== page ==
Time servedBreakfast, lunch, dinner, midnight, 2 am when you're hungry and your parents are asleepWhen you're sick (because honestly, who even wants chicken noodle soup when they're not sick in bed?)
Relation to "soup" in comparison to definition proposed of "soup"Consists of base-liquid and fragmented components (grain/wheat/oats)Consists of soup base (base-liquid) and fragmented components (chicken, noodles, additive vegetables)

As you can derive from the information displayed above, we can conclude that, in reference to the definition provided above, cereal is a soup.

You could also consider dirty toilet water to be a soup—toilet paper isn't the solvent, is it?
 

rqbyslippers

Active Member
I believe this to actually be a very interesting question.

Think about all of the things that regular, average people consider to be "soups". All of these concoctions are mainly comprised of things that are able to be consumed in their liquid state (or, for some reason, are seen to be as more 'enjoyable' by the vast majority of people that are interested in these products) along with (usually) some smaller fragments of solid foods (e.g. pork bone, peas, carrots). We can also view this predicament using scientific terminology—with the soup base itself being the solvent while the fragments of solid foods are the solutes. This comprises, in essence, a heterogenous mixture.

However, the issue comes into play when we look at the case of cereal itself, and cross-analyze it with typical soups. We often confuse typical soups with stews, which appear to be served warm and hot in most instances. On the other hand, we have to remember that not all soups are, in fact, served at above room-temperature. Cereal is typically served chilled, with milk fresh and cold from the fridge, and the cereal from a box, stored in a dry and cool place (such as a pantry). Many Asian desserts are chilled soups. This, moreover, suggests the idea that cereals can be considered soups.

To analyze the conflict in question, it is obvious that the only reason that this may be a widely debated issue stems from the issue of what we believe to be considered "soup" versus what "soup" actually pertains to. While you may consider one thing to be true, you are ignoring the fact that the issue you are considering actually is not so narrow as it seems to be—it is much wider and much more inclusive.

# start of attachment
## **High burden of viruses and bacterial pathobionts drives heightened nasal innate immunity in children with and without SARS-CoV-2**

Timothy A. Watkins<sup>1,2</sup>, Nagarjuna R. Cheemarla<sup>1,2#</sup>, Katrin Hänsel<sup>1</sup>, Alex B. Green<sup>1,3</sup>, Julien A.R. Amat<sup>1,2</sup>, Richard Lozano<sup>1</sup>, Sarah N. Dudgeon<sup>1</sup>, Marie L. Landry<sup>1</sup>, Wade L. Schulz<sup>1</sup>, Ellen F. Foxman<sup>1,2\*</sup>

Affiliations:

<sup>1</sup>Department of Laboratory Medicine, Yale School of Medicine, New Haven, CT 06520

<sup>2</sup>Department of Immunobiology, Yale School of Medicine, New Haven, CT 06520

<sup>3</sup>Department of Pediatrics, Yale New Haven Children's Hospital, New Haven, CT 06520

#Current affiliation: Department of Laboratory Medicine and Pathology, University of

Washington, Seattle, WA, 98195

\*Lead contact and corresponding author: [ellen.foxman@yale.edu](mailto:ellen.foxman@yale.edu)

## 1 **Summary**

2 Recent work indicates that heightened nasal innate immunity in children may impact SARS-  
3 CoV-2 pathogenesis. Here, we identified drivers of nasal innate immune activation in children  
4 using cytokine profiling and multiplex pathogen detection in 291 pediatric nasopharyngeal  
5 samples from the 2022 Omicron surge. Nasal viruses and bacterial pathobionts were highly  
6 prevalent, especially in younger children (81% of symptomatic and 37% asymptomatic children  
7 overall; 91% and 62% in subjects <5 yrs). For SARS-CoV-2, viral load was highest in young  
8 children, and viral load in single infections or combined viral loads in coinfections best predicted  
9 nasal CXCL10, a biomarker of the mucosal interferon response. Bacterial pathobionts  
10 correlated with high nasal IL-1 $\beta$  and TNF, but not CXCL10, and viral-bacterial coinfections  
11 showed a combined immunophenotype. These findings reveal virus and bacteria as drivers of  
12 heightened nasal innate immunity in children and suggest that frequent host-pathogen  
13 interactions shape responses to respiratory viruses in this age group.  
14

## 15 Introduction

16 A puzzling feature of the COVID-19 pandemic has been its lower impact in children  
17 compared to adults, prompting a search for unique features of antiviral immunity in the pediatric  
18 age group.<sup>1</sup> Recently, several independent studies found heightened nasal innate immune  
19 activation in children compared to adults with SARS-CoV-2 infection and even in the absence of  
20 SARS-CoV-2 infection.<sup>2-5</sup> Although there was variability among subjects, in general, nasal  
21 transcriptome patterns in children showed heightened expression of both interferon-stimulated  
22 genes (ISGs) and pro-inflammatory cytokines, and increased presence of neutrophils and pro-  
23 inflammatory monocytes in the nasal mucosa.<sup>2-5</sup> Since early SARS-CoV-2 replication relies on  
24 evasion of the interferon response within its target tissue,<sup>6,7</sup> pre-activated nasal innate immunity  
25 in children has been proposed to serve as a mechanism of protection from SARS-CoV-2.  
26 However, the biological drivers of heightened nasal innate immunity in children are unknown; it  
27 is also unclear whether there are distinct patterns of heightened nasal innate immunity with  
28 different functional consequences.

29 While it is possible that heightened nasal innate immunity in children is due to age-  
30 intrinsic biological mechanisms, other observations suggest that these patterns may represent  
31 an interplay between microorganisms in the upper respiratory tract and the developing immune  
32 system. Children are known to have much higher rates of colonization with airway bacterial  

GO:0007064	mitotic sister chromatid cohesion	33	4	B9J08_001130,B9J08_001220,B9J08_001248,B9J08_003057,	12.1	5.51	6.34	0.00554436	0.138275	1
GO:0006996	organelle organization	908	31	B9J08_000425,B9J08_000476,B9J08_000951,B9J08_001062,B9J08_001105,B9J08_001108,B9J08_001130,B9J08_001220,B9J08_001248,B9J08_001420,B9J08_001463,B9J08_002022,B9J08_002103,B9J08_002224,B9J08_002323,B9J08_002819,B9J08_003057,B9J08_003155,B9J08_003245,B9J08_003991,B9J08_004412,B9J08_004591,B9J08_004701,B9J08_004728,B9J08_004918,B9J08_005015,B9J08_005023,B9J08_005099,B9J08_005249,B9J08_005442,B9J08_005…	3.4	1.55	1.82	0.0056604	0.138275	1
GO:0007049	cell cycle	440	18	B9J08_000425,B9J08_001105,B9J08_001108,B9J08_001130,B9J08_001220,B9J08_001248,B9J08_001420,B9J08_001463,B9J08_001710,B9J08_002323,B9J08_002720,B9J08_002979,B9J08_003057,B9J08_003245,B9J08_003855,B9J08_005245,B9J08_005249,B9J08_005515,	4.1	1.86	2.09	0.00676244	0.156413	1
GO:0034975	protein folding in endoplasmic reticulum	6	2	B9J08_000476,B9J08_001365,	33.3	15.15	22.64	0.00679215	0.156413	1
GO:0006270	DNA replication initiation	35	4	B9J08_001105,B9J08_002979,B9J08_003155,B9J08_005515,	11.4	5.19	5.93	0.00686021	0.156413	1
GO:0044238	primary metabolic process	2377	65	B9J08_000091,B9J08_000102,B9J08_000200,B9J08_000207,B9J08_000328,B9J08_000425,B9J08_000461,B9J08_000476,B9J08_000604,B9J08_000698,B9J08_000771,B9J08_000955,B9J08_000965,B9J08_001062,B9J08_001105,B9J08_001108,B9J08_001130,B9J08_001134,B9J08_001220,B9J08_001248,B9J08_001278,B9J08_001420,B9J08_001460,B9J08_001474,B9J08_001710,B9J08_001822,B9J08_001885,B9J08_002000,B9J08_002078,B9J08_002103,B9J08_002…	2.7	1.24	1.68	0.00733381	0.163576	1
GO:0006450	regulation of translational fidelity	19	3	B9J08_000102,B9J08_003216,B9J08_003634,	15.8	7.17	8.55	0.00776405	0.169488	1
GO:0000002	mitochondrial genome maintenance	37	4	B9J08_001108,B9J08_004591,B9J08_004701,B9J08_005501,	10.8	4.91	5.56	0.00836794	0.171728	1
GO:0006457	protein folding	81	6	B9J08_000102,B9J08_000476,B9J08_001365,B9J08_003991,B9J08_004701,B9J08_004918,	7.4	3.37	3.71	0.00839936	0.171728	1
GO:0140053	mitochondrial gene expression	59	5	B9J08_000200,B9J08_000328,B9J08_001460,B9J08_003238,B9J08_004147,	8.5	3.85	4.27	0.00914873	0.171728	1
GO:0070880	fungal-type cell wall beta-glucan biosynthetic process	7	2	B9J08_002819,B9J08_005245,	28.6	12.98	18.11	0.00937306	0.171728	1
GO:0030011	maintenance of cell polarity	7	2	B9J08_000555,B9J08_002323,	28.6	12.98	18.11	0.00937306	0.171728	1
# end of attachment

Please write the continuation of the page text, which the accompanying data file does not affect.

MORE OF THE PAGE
Please consider the comparative below, analyzing various characteristics of two soups—to be specific, cereal (typical cold milk and grain) and chicken noodle soup. For the purposes of the analytical table below, "soup" is clearly defined as "a concoction consisting of a base-liquid in which the fragmented components are suspended within, excluding mixtures in which these fragmented components become one thorough mixture within the base."

CriterionCerealChicken Noodle Soup
TemperatureRelatively coldRelatively hot
Component(s)Milk, grain/wheat/oatsSoup base, chicken, noodles, additive vegetables
Time servedBreakfast, lunch, dinner, midnight, 2 am when you're hungry and your parents are asleepWhen you're sick (because honestly, who even wants chicken noodle soup when they're not sick in bed?)
Relation to "soup" in comparison to definition proposed of "soup"Consists of base-liquid and fragmented components (grain/wheat/oats)Consists of soup base (base-liquid) and fragmented components (chicken, noodles, additive vegetables)

As you can derive from the information displayed above, we can conclude that, in reference to the definition provided above, cereal is a soup.

You could also consider dirty toilet water to be a soup—toilet paper isn't the solvent, is it?
how did you have the strength to write all that..